Eliminating the World’s Most Dangerous Chemicals Teleconference – Oct 27 

An international panel of experts recently met in Geneva, Switzerland to review chemicals now being considered for a worldwide ban under the Stockholm Convention on Persistent Organic Pollutants (POPs) and ACF grantee Alaska Community Action on Toxics was there. Three chemicals being considered for global action are found in the Arctic due to their long range transport by wind and ocean currents. Hear firsthand about the outcomes of the meeting from international observers including Pam Miller, Executive Director of ACAT who attended the meeting in Geneva.

To join this FREE call and receive the dial-up instructions, please RSVP to or call (907) 222-7714. The teleconference will be held on October 27th from 9 to 10 am.

Alaska Women’s Hall of Fame Calls for Nominations – Nov 1 

Celebrate an outstanding Alaskan woman by nominating her for induction into the Alaska Women’s Hall of Fame!  Nominees are those Alaskan women whose contributions, in any and all fields and endeavors, have influenced the direction of Alaska.

Nominations are due November 1, 2010.  To see who has been inducted in previous years, review eligibility requirements and to access the nomination form, please go to the website:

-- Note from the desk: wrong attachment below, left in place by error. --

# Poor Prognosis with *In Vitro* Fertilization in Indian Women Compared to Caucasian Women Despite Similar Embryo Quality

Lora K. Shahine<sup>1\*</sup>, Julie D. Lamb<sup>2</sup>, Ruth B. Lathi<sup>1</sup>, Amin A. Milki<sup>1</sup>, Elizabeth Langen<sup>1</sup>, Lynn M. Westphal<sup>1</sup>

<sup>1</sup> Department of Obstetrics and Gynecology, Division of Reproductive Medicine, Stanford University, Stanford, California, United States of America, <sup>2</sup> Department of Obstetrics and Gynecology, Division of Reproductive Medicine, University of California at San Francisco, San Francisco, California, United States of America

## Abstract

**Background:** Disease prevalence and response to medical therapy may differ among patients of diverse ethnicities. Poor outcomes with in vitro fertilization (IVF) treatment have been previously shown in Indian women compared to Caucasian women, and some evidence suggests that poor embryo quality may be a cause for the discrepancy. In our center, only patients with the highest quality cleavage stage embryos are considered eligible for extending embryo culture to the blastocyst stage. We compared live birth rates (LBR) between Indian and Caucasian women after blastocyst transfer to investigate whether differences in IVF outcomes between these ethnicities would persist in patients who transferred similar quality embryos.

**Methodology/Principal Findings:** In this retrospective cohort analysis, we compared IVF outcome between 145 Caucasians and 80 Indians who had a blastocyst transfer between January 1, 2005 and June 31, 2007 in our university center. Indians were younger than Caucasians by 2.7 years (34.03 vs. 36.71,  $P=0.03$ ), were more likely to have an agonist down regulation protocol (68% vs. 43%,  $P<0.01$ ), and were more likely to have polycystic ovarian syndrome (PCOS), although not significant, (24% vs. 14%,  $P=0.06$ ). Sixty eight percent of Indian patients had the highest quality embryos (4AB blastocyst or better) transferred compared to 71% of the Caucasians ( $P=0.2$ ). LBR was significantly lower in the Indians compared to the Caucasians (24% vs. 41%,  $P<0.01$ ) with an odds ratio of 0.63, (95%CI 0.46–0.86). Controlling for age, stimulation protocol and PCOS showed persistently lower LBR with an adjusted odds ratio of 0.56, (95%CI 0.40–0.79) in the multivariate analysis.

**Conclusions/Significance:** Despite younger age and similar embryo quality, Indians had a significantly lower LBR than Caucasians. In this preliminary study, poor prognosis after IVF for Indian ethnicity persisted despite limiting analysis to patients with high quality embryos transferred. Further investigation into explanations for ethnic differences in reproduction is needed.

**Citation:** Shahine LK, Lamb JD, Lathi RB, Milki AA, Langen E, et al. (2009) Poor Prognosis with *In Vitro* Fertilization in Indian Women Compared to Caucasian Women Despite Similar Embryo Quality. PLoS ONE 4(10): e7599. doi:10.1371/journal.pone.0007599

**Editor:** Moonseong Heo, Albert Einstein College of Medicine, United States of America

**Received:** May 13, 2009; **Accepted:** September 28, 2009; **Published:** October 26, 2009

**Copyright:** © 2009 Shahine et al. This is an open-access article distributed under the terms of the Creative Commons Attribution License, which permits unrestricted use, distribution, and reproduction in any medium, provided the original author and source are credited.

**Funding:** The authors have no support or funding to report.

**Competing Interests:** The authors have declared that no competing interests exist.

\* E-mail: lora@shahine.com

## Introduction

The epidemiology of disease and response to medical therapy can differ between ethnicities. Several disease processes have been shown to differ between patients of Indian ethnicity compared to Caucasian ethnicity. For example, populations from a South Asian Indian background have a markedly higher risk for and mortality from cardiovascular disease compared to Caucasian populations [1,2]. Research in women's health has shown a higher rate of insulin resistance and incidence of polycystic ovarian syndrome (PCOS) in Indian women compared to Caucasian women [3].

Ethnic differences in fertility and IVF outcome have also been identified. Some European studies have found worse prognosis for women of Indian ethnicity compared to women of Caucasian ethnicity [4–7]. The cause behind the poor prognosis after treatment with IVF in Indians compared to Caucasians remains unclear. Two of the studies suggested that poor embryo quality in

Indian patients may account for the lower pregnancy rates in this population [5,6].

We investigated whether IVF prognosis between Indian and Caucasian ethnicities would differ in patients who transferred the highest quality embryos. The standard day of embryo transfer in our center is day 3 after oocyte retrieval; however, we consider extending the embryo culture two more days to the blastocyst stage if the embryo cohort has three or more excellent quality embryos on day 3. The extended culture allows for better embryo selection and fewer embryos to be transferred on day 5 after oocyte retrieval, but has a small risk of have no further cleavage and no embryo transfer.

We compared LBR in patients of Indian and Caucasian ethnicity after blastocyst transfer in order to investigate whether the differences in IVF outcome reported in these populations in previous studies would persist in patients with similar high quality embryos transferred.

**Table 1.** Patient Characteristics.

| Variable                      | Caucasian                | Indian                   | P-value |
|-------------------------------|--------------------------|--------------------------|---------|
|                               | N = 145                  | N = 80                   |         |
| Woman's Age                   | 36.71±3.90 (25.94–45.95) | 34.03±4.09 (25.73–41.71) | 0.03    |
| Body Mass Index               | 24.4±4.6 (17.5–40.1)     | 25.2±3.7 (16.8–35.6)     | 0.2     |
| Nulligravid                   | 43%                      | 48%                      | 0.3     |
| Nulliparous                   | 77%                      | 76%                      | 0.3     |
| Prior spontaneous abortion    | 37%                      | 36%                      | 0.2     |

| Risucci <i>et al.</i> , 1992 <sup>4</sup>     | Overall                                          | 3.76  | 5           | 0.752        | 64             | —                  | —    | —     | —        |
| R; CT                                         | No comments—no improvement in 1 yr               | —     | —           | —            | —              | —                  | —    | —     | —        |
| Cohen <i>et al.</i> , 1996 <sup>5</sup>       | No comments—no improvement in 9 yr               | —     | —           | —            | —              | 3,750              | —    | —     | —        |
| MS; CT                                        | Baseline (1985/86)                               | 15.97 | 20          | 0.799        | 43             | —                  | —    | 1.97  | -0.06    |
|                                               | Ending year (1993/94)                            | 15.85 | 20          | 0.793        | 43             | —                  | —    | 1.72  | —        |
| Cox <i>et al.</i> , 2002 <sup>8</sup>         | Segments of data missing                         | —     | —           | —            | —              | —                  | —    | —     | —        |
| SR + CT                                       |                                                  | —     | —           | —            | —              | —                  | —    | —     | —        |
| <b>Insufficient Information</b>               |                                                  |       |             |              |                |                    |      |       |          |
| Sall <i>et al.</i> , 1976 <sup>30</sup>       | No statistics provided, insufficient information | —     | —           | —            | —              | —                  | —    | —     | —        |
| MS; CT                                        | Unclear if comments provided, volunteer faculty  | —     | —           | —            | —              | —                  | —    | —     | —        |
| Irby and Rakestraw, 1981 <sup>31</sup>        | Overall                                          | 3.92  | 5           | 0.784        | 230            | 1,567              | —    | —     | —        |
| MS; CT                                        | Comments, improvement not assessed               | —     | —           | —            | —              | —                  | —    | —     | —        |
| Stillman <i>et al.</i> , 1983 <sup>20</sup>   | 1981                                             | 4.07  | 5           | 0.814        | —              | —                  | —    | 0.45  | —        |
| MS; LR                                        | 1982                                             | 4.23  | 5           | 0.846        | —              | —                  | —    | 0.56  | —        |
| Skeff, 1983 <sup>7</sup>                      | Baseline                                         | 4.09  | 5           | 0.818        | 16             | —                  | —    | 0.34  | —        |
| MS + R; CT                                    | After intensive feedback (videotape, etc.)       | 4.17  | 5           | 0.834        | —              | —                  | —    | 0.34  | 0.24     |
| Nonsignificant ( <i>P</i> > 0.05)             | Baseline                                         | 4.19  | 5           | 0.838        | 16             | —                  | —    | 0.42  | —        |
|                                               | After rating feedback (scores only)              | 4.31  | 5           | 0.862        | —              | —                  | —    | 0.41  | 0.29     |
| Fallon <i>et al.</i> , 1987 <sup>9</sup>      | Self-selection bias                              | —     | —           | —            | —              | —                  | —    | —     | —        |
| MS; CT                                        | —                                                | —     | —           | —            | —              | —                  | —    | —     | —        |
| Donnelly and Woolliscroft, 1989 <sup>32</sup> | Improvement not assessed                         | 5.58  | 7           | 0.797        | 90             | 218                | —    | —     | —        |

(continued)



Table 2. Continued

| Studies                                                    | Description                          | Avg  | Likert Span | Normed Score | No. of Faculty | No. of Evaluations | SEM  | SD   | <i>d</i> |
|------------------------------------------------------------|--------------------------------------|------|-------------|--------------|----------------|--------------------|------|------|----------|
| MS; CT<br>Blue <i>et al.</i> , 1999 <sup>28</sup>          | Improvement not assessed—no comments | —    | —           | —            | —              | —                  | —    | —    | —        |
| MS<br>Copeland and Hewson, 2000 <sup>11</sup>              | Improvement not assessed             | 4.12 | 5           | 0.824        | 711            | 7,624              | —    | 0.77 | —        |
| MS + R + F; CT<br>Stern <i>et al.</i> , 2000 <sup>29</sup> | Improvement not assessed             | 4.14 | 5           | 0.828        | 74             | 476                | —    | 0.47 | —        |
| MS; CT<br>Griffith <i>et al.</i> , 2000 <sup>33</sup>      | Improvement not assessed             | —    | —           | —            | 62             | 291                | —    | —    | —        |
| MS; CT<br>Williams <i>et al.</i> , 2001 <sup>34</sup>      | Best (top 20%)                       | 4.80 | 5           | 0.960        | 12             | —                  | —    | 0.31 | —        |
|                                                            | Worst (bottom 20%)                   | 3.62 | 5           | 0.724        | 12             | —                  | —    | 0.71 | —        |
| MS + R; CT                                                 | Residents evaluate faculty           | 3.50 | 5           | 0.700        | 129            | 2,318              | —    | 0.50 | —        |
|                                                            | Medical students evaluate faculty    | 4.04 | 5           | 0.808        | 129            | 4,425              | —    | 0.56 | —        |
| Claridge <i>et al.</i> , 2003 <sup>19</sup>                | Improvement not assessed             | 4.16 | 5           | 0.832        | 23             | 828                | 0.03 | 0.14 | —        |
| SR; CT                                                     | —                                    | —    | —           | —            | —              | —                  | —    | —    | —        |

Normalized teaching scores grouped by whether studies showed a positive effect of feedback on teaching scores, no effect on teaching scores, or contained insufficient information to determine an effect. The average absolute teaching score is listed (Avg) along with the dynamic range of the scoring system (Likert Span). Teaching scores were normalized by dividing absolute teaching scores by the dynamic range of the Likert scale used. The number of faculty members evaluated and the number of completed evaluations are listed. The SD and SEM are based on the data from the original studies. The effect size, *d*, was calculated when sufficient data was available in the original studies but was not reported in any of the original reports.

Sitka Conservation Society Receives National Wilderness Award 

Bob Marshall was a hero for wilderness, especially Alaskan wilderness.  As an early head of  Recreation Management with the Forest Service in the 1930s, Marshall was one of the first to suggest that primitive and unconfined lands needed to be protected for the future.  Along with other fathers of conservation like Aldo Leopold, he helped found the Wilderness Society, which worked to create the 1964 Wilderness Act.

The Bob Marshall Award for Champions of Wilderness is one of the Forest Service’s highest honors given to organizations and individuals who, like Marshall himself, make bold and creative moves to preserve our nation’s unique and vital wilderness resource.  This year, ACF grantee Sitka Conservation Society (SCS) received the award. SCS was founded in 1967 to protect portions of the Tongass National Forest, the nation’s largest national forest containing nearly half of the world’s remaining intact coastal temperate rainforest.